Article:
betting tips, daily bettingbetting tipsbetting tips, free betting

Something new from Campy?

Miscellaneous 7 89

By now you have surely already heard the big news (if not read about it here or here). Campagnolo’s 2007 cranks will be 2-piece designs that finally dispense with the square taper bottom bracket. Huh? That’s it. So what? Blatantly leaked information about a product that the company is not officially unveiling until June 1st should be a lot more exciting than that, right? I mean big deal; it’s way past time to bail on the old square taper bottom bracket. Seriously, who is paying 450 bucks for those carbon Record cranksets anyway? But wait there is more. The two-piece Campy design called the “Ultra Torque” is different than Shimano’s 2 piece cranks (and all other cranks for that matter). Campy’s design has an integrated hollow bottom bracket that is split in the middle and fastened from one side with a single bolt. OK, I admit, actually that is kind of interesting. Campy also claims that the crank will have a lower Q factor than other 2 piece designs on the market with no increase in width from their current Record cranks. That sounds good too, but I still won’t be ditching my Dura-Ace cranks for Campy anytime soon. In my opinion, Campagnolo still has a really long way to go to catch up with Shimano on design.

Don’t get me wrong. I am not anti-Campy. In fact, I am glad to see them coming out with something new and different. As a teenager in the late 80’s, I dreamed of owning a bike decked out with the brand new C-Record grouppo (I think it replaced Super Record in ’87). If I could have afforded it, I would have gladly ditched my Shimano 600 components for sleek looking Campy parts. My preference for Shimano didn’t happen overnight. Throughout the nineties, Shimano just kept innovating while Campy seemed to be resting on tradition, and occasionally following along. I know that some of you will disagree with me, but you have to admit that Shimano came up with some great improvements to the bicycle’s drivetrain in the last 15 years or so. I, for one, am certainly not interested in going back to friction downtube shifters and 6 speed freewheels anytime soon. Of course, to be fair, I should point out that Campagnolo also has a history of innovation. I like quick release hubs as much as the next guy, but really, how long can you rest on that one?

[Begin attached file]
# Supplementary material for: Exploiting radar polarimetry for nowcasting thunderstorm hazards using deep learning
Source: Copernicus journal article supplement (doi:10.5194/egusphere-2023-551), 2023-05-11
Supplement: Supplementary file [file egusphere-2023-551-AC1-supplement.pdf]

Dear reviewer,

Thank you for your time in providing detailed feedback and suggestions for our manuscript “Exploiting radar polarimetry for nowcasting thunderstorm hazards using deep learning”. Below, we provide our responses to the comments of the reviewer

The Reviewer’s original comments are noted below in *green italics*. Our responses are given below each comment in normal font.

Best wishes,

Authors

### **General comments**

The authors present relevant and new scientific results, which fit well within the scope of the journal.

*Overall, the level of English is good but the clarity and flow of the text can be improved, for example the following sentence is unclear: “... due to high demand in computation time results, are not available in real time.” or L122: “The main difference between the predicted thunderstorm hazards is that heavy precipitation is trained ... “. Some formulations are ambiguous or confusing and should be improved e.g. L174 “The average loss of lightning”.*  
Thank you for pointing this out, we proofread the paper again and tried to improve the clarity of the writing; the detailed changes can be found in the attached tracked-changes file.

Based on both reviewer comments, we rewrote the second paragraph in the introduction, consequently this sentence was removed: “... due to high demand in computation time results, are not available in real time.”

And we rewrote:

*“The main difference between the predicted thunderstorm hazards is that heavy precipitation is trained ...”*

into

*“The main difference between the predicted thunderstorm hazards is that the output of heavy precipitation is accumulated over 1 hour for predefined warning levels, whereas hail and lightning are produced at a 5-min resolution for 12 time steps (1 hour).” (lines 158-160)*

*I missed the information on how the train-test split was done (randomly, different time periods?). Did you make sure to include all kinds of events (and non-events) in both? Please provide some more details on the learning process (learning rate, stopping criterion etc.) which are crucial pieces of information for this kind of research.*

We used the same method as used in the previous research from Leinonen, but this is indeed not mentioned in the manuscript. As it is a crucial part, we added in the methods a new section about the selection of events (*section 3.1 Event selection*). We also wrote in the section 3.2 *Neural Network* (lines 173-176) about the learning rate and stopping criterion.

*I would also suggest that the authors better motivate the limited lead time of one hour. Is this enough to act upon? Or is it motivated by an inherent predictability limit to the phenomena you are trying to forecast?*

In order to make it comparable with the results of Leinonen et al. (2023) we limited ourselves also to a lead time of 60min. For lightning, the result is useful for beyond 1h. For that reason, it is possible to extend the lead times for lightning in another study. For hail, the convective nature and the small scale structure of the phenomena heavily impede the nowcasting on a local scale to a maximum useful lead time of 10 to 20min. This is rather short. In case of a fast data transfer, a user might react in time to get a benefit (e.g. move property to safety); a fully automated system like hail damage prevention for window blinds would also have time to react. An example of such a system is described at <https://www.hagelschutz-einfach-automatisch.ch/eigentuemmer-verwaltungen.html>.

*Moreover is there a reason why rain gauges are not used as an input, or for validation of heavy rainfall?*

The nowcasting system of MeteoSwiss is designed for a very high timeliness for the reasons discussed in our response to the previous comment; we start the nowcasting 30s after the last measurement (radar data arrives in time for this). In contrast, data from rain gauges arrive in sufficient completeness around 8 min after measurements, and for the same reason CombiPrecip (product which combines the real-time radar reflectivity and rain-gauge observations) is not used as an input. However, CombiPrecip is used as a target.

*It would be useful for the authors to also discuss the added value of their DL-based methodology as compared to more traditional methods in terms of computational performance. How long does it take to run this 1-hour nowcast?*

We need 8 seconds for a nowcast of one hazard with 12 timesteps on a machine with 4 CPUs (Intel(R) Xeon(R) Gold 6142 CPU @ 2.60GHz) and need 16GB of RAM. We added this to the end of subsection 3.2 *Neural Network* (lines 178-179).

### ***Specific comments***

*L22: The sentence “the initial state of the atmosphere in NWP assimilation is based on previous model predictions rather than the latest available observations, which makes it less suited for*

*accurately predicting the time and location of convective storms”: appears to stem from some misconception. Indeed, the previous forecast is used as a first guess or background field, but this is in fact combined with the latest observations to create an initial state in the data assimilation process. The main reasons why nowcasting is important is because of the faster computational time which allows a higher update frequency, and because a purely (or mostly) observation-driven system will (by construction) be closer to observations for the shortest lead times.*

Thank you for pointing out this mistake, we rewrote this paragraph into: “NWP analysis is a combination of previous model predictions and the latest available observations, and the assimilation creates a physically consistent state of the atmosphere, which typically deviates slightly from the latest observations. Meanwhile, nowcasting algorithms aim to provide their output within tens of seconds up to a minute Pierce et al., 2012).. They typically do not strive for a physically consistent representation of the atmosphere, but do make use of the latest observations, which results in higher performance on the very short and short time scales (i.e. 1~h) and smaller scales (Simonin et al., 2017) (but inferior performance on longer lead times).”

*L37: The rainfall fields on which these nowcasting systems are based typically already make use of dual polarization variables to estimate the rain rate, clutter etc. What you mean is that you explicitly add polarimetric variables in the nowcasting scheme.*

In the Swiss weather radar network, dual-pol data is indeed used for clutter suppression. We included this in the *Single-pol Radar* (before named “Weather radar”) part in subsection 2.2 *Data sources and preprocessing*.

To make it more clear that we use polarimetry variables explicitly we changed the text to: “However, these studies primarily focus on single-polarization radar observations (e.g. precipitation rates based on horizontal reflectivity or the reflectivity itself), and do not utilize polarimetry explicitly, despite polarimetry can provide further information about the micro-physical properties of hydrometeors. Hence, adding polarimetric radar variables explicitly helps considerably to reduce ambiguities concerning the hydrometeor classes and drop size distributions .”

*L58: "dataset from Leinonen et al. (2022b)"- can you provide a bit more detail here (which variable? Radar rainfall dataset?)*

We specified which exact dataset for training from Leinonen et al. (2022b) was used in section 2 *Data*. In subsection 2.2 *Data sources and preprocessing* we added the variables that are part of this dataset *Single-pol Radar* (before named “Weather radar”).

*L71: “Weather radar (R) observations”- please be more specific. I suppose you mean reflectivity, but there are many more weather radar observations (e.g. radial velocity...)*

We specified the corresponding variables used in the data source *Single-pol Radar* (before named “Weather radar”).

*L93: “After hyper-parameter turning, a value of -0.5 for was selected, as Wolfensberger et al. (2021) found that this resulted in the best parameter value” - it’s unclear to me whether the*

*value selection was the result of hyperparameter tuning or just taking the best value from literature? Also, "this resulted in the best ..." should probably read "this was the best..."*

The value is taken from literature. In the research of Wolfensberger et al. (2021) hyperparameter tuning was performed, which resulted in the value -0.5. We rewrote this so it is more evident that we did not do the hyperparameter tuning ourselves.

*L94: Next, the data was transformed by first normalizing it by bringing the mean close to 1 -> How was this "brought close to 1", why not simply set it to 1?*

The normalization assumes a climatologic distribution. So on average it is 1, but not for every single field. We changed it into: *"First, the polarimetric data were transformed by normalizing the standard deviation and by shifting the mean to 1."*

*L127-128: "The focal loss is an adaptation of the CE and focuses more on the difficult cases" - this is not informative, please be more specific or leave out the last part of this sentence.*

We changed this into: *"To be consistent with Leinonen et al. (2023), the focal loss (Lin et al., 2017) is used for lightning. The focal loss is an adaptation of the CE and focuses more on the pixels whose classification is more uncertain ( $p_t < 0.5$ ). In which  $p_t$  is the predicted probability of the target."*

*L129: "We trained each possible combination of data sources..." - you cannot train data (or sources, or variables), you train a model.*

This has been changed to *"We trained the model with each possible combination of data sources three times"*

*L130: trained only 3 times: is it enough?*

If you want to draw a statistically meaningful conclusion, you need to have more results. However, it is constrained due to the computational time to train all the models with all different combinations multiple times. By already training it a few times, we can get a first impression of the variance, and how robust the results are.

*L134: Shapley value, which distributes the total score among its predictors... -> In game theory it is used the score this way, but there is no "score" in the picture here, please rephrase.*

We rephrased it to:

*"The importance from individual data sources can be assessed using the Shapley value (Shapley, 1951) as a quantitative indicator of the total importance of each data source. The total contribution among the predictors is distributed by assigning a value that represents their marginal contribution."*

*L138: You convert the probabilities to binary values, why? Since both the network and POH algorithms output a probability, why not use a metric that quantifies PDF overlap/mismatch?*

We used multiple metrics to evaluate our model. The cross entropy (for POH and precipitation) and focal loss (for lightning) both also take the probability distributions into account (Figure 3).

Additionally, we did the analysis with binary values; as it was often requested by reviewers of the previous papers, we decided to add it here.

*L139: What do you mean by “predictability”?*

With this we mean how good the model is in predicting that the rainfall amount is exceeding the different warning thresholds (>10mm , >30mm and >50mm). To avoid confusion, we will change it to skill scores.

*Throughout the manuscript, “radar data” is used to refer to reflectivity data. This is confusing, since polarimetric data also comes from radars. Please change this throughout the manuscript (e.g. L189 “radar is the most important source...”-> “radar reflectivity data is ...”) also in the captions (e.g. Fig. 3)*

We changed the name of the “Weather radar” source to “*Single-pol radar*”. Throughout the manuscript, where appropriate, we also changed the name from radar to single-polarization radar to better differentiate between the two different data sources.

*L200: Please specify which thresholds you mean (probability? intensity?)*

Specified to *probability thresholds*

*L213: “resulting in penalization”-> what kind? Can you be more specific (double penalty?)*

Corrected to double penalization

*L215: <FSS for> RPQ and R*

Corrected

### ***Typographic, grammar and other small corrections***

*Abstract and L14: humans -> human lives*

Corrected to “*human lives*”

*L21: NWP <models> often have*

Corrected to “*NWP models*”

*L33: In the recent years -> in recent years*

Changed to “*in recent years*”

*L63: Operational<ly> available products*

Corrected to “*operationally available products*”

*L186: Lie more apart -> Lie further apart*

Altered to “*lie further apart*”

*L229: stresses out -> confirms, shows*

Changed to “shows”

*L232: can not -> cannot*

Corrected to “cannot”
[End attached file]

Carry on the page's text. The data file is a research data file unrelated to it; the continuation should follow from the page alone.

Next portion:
I’m digressing a bit so I should get back to the present day. I am sure that some retro grouches will not like this latest move by Campagnolo to update their crank designs. Some will claim that Campy is being pressured away from providing interchangeable parts to a more proprietary system like Shimano’s. If you happen to be one of those people, I would love to hear your take on the new crank/bb designs. Like I said, I am glad to see this move by Campy and I hope they will continue to come out with new designs of their own (Italy is known for design after all). Who knows, in another ten years or so, they may win me over again. Stranger things have happened.


  1. Fritz May 19, 2006 at 2:42 pm -  Reply

    Hello Commisar James. In the mid/late 80s I was a college student obsessing about girls and my studies (in approximately that order). I was happy with my Shimano 600 drivetrain and I LOVED my new Look pedals with my Nike cycling shoes. Campy was completely irrelevant to me at the time.

  2. James May 19, 2006 at 4:23 pm -  Reply

    Hi Fritz, I was still in high school, but it sound like our priorities were about the same, except that cycling came right after girls and before studies in my case. About the only Campy item I could afford back then was a t-shirt, but I did love those aerodynamic C-Record parts that I spent way too much time looking at in catalogs. At the time I had a Trek 400, but I really, really wanted an all Campy Italian bike. Today, most of my bikes (6 of them) are from American companies and have Shimano components. My track bike is the oddball, a 1984 Pinarello with the old Italian Ofmega Pista group.